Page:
Over the past decade, trekking in Nepal has witnessed a dramatic upsurge with foreign tourists taking the larger slice. Curiously, recent times have seen more and more Nepali enthusiasts venturing out to far-flung destinations such as Gosaikunda, Muktinath, Upper Mustang, Annapurna circuit, Tilicho, Langtang valley, Phoksundo, Annapurna base camp, Mardi Himal . . . you name it.
As it turns out, bitten by the backpacking bug, this wanderlust for the Nepalese appears not to be restricted to the established norms–some have gone even further with bolder ideas on their mind. Today, some of these new breeds of trekkers seem to have stretched this concept to the extremes, to whatever it takes to pull it off.
Recently, Khashing Rai and Shishir Raj Joshi, an adventurous duo, did an off-the-beaten-track destination in West Nepal, which dared to redefine the concept of conventional trekking.
Their 13-day trek to the Budhinandha Tal (lake), a pilgrimage site in one of the remotest part of West Nepal, Bajura, included almost 4 days of barefoot walking braving an elevation of 4,600 meters. No small feat, right? Sounded impossible to me!
“What really drove us to it was our passion and taste for the wild and untamed adventure far removed off the beaten track regardless of the hardships and high risks involved, “shared the duo their feelings and excitement with me. To me, it sounded nothing short of sheer madness and I cannot even dare dream of doing it ever. BRRRRR!!!!
The journey kicked-off with a 30-hour bus ride to Martadi, Bajura west Nepal, 400 km plus from Kathmandu, via Attariya on the East-West highway.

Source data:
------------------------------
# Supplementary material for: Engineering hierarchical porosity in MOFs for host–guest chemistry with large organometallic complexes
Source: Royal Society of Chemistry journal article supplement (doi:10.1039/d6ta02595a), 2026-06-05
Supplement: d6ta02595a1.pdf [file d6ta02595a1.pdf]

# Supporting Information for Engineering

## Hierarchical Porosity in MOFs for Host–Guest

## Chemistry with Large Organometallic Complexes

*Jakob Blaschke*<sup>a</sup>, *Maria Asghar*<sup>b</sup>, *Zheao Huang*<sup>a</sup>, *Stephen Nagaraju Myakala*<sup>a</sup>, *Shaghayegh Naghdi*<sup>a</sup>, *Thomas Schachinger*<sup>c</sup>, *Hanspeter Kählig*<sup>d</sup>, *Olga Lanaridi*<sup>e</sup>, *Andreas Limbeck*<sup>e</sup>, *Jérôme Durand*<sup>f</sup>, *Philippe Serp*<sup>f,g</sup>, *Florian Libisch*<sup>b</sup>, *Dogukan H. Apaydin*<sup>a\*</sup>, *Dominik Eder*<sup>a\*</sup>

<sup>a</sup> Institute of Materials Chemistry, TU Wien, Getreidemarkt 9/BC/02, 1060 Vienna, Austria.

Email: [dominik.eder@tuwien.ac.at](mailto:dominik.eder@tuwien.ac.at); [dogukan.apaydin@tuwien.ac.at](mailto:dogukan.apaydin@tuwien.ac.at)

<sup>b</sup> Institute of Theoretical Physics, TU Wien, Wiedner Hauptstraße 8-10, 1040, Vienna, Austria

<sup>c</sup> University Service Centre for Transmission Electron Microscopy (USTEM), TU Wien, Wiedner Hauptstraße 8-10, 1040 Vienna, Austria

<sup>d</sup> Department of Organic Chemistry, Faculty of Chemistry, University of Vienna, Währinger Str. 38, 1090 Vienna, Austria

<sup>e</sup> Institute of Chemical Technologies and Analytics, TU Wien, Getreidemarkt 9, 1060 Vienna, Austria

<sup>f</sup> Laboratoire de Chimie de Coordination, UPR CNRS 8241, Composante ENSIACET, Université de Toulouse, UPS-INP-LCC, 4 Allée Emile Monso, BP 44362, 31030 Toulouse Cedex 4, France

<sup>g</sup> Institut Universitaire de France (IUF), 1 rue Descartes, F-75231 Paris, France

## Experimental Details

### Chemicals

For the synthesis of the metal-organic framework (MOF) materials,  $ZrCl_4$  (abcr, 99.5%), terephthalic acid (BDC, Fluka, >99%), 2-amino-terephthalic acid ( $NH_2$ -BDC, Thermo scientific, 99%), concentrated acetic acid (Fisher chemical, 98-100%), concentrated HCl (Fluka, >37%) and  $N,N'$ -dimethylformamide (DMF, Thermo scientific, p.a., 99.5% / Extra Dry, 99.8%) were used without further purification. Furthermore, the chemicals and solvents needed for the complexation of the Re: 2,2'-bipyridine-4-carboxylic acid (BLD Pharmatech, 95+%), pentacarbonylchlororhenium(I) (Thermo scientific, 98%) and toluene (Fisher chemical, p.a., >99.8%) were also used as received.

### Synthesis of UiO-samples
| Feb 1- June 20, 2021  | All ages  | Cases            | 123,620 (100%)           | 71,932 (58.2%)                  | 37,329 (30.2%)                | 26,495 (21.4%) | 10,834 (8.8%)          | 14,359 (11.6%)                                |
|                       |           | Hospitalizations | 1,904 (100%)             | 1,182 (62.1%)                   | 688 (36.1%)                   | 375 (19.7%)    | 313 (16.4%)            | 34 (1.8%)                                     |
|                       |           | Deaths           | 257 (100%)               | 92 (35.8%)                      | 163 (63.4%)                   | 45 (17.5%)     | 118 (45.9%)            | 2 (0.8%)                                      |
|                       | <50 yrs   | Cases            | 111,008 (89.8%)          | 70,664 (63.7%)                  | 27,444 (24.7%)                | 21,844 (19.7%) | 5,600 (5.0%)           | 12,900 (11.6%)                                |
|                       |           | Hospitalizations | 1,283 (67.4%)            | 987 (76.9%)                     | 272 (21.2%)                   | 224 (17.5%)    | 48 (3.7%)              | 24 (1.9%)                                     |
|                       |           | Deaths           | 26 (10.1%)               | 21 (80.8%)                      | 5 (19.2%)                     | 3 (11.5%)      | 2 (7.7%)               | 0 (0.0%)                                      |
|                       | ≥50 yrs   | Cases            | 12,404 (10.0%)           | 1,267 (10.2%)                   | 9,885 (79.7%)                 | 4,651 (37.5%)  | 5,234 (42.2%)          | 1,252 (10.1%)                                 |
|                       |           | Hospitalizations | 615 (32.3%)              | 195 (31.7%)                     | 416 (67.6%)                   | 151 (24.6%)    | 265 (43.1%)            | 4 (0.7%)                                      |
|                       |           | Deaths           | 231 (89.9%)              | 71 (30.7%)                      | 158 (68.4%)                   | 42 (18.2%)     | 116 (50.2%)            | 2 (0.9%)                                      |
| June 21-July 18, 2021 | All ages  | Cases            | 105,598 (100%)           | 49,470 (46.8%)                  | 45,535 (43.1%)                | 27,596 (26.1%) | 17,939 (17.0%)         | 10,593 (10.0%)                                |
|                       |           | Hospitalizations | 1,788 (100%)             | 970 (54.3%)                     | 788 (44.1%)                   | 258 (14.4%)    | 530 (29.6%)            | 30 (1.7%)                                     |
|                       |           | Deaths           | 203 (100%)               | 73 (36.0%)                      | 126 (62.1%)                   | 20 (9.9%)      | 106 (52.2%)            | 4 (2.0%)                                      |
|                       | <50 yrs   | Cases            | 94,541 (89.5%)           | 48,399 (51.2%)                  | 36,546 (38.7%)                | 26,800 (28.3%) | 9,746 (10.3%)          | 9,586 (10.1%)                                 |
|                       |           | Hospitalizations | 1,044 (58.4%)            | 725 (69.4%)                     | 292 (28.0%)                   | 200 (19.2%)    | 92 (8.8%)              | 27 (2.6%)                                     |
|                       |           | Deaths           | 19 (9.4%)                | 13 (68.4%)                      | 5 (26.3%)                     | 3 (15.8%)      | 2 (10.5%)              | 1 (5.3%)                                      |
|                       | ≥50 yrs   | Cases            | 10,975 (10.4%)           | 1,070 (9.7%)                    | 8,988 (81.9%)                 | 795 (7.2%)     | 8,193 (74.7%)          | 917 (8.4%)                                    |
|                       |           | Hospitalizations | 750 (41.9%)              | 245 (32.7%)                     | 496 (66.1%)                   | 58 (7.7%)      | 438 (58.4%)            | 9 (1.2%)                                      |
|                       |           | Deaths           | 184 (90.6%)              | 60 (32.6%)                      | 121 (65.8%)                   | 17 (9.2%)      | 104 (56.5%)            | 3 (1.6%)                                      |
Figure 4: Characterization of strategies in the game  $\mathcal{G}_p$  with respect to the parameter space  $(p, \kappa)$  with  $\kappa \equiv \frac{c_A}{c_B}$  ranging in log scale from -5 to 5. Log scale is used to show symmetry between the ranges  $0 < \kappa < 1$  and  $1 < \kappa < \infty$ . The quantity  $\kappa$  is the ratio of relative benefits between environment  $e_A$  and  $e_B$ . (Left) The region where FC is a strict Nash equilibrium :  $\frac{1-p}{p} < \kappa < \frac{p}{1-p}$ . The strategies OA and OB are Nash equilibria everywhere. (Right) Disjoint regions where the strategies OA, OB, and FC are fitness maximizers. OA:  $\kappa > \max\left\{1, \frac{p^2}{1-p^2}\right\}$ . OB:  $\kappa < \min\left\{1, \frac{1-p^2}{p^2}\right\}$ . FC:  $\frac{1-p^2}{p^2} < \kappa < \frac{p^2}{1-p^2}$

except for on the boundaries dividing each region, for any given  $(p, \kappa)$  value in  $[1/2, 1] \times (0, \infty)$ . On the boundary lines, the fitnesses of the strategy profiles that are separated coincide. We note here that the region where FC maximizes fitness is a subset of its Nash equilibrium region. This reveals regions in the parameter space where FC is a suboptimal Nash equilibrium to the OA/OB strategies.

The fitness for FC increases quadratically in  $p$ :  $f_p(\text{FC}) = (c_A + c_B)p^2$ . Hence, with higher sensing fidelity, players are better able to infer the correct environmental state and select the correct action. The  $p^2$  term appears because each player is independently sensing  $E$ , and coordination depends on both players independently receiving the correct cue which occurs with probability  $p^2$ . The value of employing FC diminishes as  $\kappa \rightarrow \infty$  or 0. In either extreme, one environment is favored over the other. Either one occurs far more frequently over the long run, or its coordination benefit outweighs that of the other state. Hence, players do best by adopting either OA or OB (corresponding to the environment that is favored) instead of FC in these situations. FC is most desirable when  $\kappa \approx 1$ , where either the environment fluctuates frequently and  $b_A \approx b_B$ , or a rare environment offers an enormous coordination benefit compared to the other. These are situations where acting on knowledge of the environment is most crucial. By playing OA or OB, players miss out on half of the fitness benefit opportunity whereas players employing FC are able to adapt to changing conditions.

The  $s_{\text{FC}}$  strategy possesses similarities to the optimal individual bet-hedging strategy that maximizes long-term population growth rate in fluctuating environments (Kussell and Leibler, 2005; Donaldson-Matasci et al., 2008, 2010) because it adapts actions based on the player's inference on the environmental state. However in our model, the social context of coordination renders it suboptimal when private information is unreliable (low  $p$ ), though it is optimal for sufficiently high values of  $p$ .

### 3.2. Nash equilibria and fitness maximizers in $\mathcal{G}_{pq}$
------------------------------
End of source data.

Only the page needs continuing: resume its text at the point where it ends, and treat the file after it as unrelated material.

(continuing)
“Given the washed out road (in the pic), the pilgrims (including us) had to take a diversion by crossing a river to the waiting local jeeps to shuttle us to Martadi.”
“The trek started from the town of Kolti (1,300m) and we hit the trail that rapidly gained elevation. The ascent was steep and the uphill climb was grueling. In two days we would be at an elevation exceeding 4,000 meters.”
Day 2: Local pilgrims footing it on the barren highland meadows. At this point, priests from Nuri Gaon, stopped to gather all the members of the pilgrimage together ensuring that everyone was accounted for. The caravan proceeded after that at a slow pace.
The occasion happened to be the auspicious day of the annual Janai Purnima festival (the sacred full moon day of Shrawan/Bhadra, or August/September, when Hindu men change their janai (the holy thread) worn across their chests, especially the Brahamins and Chhetriyas.
Each year the inhabitants of Nyauli Gaon, Kolti and nearby villages of Martadi visit the Budhinandha Tal to celebrate this festival.
The trail leading into the mountains was completely isolated with no signs of habitation, tea-houses or even a single lodge, en route to Budhinandha Tal. Due to thick fog, the visibility at high elevations was reduced to no more than 5 yards. Further, this trail is shrouded in deep mystery as every year one or two local devotees are reported missing, never to be found again.